Iran and North Korea have presented the world — and particularly the U.S. — with a twin nuclear crisis. As both countries continue to be subjected to numerous coercive measures such as sanctions and cyber-attacks, which out of the two poses a bigger threat to the U.S., and more broadly, to the security and stability of their respective regions?
As far as the actual development of nuclear weapons itself is concerned, North Korea has proven to be a much bigger menace. While the North has successfully added to its arsenal the ability to use nuclear weapons, Iran on the other hand has no such means. Furthermore, Iran's nuclear program has faced numerous obstructions via U.S.-Israeli cyber-attacks and clandestine Mossad activities targeting Iranian nuclear scientists. These measures have significantly slowed down Iran’s nuclear program.
According to UN and U.S. officials, North Korea has the ability to produce dozens more nuclear bombs by employing two separate programs to create weapons-grade fuel using plutonium and highly enriched uranium. Iran, on the other hand, has only developed uranium-enrichment technology. Iran also has a standing agreement with the IAEA which allows officials to visit Iranian nuclear-fuel sites. Pyongyang, conversely, expelled IAEA inspectors from the Yongbyon complex in 2002.
The North also presents a much bigger proliferation hazard than Iran. The U.S. and IAEA believe the North has already sold missile designs and components to Syria, Yemen and Egypt.
Another prime consideration is the degree of threat the two states present to their regions and to the U.S. It is important to realize that the prime target (or enemy number one) for Iran is not the U.S. ... it is Israel. Despite the hostility Iran has towards the U.S. — a hostility that has built up over the years since the 1953 CIA orchestrated coup that ousted democratically elected Iranian Prime Minister Mohammad Mossadeq to the subsequent U.S. sponsored vicious and inept rule under the Shah — Iran’s prime enemy remains Israel. On the other hand North Korea has left us with no doubt that its prime targets are the U.S. and South Korea.
Examining the question from a regional perspective, again, North Korea seems to be a much greater cause for alarm. The degree of hostility the North possesses towards, say, South Korea or Japan is far greater than the animosity that exists between Iran and its regional neighbors. Iran no longer has to worry about Iraq. Its tense relations with Azerbaijan (with which it broke diplomatic ties in 2012) have recently seen improvement with Ahmadinejad's visit to Baku to pacify the situation. Issues with Afghanistan and Pakistan are only minor clashes of interests. Hence, compared to North Korea, Iran does not pose a threat to its adjoining regions that can be equated to the hostility North Korea displays towards its region. Nor is Iran in a habit to make vehemently hostile and ill-conceived statements and regional threats the way the North does.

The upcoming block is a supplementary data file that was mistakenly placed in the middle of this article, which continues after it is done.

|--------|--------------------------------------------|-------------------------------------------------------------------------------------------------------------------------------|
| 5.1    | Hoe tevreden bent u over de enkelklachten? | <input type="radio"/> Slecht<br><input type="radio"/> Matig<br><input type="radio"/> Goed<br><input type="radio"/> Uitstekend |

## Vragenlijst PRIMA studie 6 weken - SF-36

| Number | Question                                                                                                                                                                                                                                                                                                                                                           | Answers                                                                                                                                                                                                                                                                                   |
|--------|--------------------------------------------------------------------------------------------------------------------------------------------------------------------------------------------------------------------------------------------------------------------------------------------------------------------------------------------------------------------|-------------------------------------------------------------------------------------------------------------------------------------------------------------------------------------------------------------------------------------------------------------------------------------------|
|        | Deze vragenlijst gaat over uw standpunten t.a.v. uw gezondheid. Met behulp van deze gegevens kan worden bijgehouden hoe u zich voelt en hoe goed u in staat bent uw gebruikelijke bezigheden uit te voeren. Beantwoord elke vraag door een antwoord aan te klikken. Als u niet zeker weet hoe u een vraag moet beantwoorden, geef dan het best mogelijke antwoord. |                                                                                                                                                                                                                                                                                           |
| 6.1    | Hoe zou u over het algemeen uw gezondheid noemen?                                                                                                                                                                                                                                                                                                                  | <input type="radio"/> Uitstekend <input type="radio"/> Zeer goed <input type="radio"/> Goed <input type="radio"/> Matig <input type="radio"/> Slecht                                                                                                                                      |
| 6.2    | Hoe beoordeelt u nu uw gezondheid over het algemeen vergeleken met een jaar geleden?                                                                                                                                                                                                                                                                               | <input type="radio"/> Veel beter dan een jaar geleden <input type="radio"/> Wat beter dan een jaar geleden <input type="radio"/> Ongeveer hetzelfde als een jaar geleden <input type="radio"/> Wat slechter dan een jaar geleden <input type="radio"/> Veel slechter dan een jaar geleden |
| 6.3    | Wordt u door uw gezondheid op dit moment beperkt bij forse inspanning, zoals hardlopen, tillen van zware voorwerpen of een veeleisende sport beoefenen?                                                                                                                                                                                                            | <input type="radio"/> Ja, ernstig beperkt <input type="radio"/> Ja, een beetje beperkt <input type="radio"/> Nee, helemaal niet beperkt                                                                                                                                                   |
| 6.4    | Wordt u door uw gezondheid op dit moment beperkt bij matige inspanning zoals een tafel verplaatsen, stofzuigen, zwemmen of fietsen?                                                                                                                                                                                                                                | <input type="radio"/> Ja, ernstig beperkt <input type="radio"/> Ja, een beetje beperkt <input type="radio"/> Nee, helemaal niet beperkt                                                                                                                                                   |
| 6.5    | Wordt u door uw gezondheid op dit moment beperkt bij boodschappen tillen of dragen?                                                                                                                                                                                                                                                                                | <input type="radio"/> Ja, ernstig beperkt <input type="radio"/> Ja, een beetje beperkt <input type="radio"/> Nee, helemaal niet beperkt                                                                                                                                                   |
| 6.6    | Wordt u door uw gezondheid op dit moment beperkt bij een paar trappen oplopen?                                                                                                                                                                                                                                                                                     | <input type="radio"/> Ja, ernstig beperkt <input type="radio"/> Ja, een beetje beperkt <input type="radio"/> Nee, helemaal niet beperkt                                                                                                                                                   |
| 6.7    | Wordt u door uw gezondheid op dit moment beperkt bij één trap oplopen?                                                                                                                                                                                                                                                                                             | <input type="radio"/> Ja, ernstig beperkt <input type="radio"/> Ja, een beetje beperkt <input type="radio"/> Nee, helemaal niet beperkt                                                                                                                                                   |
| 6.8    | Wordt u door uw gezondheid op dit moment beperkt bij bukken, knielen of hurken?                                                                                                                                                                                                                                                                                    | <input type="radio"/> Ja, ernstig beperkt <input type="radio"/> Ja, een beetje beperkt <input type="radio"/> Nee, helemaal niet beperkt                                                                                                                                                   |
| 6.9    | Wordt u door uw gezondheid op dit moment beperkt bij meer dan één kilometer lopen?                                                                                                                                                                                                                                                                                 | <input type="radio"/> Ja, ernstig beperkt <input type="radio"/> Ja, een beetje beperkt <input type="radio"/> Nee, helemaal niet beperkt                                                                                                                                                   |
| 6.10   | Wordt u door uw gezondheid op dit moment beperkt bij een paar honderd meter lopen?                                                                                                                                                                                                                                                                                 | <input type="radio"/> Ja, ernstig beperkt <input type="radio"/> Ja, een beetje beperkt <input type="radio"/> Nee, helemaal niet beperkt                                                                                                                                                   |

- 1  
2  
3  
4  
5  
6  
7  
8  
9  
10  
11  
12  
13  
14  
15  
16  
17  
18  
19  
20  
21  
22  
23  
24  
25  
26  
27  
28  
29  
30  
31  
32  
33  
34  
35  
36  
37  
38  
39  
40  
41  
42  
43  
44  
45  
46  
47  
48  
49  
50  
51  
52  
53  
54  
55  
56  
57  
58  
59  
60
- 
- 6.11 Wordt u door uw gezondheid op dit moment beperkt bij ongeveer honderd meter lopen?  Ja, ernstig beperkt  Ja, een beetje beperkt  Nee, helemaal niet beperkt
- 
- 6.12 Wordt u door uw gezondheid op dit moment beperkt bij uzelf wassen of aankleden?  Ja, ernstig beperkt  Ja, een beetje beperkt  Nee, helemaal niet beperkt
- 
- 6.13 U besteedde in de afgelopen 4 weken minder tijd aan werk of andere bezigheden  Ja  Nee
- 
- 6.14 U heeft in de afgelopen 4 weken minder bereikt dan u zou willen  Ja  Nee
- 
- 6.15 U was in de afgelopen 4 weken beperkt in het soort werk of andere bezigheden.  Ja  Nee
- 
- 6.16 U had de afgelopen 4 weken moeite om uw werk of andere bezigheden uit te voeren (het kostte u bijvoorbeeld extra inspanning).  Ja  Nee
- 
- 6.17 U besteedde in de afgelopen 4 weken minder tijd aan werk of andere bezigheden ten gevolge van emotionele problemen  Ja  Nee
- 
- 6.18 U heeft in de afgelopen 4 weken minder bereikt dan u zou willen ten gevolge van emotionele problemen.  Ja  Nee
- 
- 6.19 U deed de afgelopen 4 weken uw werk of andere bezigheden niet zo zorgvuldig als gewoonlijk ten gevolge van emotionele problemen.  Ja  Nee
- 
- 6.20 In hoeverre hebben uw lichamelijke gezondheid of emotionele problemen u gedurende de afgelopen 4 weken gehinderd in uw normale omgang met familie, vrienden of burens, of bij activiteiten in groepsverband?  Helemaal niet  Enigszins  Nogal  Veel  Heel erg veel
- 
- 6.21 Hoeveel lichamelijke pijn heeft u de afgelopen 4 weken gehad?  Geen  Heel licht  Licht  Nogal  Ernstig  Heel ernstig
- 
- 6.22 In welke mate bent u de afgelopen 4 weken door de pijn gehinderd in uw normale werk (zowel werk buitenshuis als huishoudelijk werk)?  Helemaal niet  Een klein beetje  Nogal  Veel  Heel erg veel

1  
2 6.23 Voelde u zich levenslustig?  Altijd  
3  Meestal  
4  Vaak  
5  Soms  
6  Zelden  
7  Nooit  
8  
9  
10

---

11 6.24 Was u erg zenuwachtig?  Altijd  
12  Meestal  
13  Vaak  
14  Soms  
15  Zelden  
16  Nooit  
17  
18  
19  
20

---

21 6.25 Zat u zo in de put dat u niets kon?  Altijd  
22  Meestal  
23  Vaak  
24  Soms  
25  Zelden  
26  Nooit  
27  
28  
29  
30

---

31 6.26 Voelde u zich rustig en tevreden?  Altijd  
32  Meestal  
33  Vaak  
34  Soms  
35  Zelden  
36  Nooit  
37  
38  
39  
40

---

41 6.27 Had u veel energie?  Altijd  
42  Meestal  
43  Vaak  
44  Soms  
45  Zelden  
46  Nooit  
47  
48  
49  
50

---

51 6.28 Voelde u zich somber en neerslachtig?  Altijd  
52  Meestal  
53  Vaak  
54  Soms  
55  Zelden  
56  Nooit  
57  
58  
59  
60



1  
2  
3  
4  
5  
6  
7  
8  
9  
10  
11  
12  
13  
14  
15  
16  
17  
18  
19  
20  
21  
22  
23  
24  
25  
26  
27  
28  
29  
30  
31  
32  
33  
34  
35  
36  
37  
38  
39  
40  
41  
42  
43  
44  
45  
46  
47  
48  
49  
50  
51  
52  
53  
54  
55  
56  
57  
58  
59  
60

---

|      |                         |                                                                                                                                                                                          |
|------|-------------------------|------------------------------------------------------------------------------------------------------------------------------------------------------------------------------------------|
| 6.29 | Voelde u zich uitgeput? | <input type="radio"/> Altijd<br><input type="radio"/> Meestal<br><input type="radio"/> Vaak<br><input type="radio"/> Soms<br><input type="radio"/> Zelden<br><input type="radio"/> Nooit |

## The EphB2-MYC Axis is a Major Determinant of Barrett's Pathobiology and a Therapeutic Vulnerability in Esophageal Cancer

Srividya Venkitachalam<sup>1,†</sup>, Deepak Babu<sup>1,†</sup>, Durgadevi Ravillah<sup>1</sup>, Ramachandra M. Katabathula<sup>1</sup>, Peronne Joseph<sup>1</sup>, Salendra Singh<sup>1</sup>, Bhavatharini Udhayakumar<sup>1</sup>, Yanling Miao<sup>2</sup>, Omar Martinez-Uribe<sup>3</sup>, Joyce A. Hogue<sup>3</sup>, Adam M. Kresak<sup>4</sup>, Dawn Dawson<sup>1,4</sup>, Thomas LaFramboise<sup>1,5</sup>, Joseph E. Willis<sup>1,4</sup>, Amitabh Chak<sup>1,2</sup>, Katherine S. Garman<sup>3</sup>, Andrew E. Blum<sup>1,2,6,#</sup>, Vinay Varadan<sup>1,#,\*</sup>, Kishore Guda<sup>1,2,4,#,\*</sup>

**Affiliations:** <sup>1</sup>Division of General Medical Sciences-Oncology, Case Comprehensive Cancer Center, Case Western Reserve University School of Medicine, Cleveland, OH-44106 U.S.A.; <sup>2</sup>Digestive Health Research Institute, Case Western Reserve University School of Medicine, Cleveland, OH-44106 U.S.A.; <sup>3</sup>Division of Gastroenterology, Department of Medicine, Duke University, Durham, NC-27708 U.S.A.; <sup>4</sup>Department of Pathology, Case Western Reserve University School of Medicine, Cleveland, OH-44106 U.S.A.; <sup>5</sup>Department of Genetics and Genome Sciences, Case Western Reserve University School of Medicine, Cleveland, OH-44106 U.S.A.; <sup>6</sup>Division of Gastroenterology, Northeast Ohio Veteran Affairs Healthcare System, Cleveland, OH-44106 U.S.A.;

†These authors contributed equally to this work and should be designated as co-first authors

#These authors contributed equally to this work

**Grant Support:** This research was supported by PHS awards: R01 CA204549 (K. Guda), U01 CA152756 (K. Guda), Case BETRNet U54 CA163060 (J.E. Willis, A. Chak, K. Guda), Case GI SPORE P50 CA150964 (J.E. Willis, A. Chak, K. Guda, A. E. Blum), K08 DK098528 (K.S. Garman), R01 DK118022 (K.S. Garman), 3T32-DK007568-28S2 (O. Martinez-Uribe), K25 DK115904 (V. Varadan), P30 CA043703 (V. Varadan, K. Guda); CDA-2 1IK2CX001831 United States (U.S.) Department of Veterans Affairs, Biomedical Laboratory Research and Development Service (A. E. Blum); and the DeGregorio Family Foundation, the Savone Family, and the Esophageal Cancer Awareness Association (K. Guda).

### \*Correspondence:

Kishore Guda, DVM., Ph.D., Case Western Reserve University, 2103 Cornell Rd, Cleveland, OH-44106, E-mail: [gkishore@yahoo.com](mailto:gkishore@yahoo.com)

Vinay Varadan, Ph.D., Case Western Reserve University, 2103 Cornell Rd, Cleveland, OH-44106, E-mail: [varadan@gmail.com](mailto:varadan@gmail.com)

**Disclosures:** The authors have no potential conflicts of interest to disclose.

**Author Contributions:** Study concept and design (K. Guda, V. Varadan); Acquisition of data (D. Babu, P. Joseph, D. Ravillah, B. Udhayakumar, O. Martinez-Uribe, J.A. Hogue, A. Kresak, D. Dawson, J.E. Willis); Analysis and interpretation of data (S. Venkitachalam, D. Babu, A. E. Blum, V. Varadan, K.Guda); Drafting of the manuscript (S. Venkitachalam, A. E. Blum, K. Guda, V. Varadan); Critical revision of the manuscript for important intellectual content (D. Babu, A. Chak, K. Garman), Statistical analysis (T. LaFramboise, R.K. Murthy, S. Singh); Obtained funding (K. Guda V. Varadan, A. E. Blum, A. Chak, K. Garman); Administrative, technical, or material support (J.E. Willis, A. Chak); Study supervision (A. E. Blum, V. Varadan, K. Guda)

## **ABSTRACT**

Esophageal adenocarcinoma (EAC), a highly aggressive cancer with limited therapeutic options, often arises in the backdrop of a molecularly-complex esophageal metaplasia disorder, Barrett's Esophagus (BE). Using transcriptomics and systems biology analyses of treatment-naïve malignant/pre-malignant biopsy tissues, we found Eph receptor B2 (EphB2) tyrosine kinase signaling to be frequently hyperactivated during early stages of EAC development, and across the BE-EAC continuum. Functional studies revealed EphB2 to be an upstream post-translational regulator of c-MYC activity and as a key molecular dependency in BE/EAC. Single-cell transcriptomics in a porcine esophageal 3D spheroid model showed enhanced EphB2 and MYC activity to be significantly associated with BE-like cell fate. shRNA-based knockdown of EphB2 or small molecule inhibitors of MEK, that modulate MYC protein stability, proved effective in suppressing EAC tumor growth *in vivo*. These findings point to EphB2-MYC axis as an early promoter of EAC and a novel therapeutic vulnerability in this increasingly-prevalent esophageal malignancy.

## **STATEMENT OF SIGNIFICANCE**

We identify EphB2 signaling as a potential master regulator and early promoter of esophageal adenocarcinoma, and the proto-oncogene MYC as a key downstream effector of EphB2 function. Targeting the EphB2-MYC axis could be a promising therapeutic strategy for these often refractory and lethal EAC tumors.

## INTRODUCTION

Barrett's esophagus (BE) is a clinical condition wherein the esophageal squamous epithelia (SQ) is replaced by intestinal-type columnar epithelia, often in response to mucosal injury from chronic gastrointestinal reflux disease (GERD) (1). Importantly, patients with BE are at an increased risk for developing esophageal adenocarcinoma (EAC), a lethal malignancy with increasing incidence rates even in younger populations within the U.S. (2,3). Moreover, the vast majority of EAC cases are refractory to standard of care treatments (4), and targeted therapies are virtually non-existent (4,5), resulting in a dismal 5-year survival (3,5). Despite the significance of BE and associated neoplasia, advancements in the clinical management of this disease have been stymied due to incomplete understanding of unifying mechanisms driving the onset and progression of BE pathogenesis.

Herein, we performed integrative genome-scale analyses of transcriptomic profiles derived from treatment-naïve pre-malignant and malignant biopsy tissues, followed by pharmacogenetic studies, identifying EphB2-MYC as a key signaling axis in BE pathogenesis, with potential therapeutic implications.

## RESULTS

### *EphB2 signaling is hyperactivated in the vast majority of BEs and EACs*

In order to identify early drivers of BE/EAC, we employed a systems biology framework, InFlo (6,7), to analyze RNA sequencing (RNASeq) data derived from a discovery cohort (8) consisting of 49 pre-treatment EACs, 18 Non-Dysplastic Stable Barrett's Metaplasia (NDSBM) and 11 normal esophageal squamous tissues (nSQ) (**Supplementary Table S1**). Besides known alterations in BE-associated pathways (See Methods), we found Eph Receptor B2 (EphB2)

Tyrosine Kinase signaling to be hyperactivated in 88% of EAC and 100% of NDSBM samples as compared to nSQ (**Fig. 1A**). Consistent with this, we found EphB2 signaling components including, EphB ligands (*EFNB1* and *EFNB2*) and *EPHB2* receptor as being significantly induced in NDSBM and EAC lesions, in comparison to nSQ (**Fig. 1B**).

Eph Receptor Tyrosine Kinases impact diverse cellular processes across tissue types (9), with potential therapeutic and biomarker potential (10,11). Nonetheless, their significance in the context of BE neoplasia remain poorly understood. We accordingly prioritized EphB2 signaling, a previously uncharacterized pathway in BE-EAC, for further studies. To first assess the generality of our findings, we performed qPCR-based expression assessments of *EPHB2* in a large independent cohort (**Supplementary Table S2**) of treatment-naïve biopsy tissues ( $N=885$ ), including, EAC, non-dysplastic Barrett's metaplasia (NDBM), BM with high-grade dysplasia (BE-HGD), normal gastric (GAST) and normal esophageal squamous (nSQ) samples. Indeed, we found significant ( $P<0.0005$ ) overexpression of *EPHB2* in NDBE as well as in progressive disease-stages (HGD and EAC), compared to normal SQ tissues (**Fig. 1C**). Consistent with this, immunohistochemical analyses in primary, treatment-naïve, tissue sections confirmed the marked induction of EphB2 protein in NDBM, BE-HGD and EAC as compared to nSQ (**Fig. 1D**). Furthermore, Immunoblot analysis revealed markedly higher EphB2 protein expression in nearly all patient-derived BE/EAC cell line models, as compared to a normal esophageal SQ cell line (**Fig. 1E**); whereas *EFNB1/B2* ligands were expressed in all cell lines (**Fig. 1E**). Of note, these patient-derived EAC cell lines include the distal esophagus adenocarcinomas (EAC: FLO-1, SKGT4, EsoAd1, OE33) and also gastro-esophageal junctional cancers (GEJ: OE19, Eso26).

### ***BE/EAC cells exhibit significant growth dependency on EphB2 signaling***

Overall, it is pertinent to note that the policies, actions, and the rhetoric in general that comes out of North Korea and Iran is a reflection of and a direct consequence of the way the leaders of these states think and function. In that sense, it can be argued that Iran is a much more rational actor than North Korea. Inside news from the latest round of (failed) negotiations between the international community and Iran showed that Iranian diplomats were much more understanding and pliable than their political elite. North Korea instead presents us with a much more unanimous and monolithic form of hostility and aggression. The actions of Kim Jong-Un and those of his clique of close associates are far more self-serving, and are aimed at furthering their own interests rather than those of the North Korean people. Iranian leaders on the other hand are far more accountable to the Iranian people; unlike their North Korean counterparts, when the sanctions took a heavy toll on the locals, the Iranian leaders agreed to take part in negotiations and talks. Subsequently there has been evidence of Iran tuning down its nuclear related activities.
For now, Iran does not present the U.S. or Israel with a case where urgent military or any other form of drastic intervention is required. The North Korean situation seems to be escalating towards a point where something eventually has to give. On the Iranian front, with a new government coming in this year, there is ample reason to let coercive diplomacy take its course to prevent Iran from going nuclear. One thing is for sure: there is no reason for the U.S. to go Baghdad on Tehran.
At this juncture in time, compared to Iran, North Korea is a far more unpredictable and hence a more dangerous entity.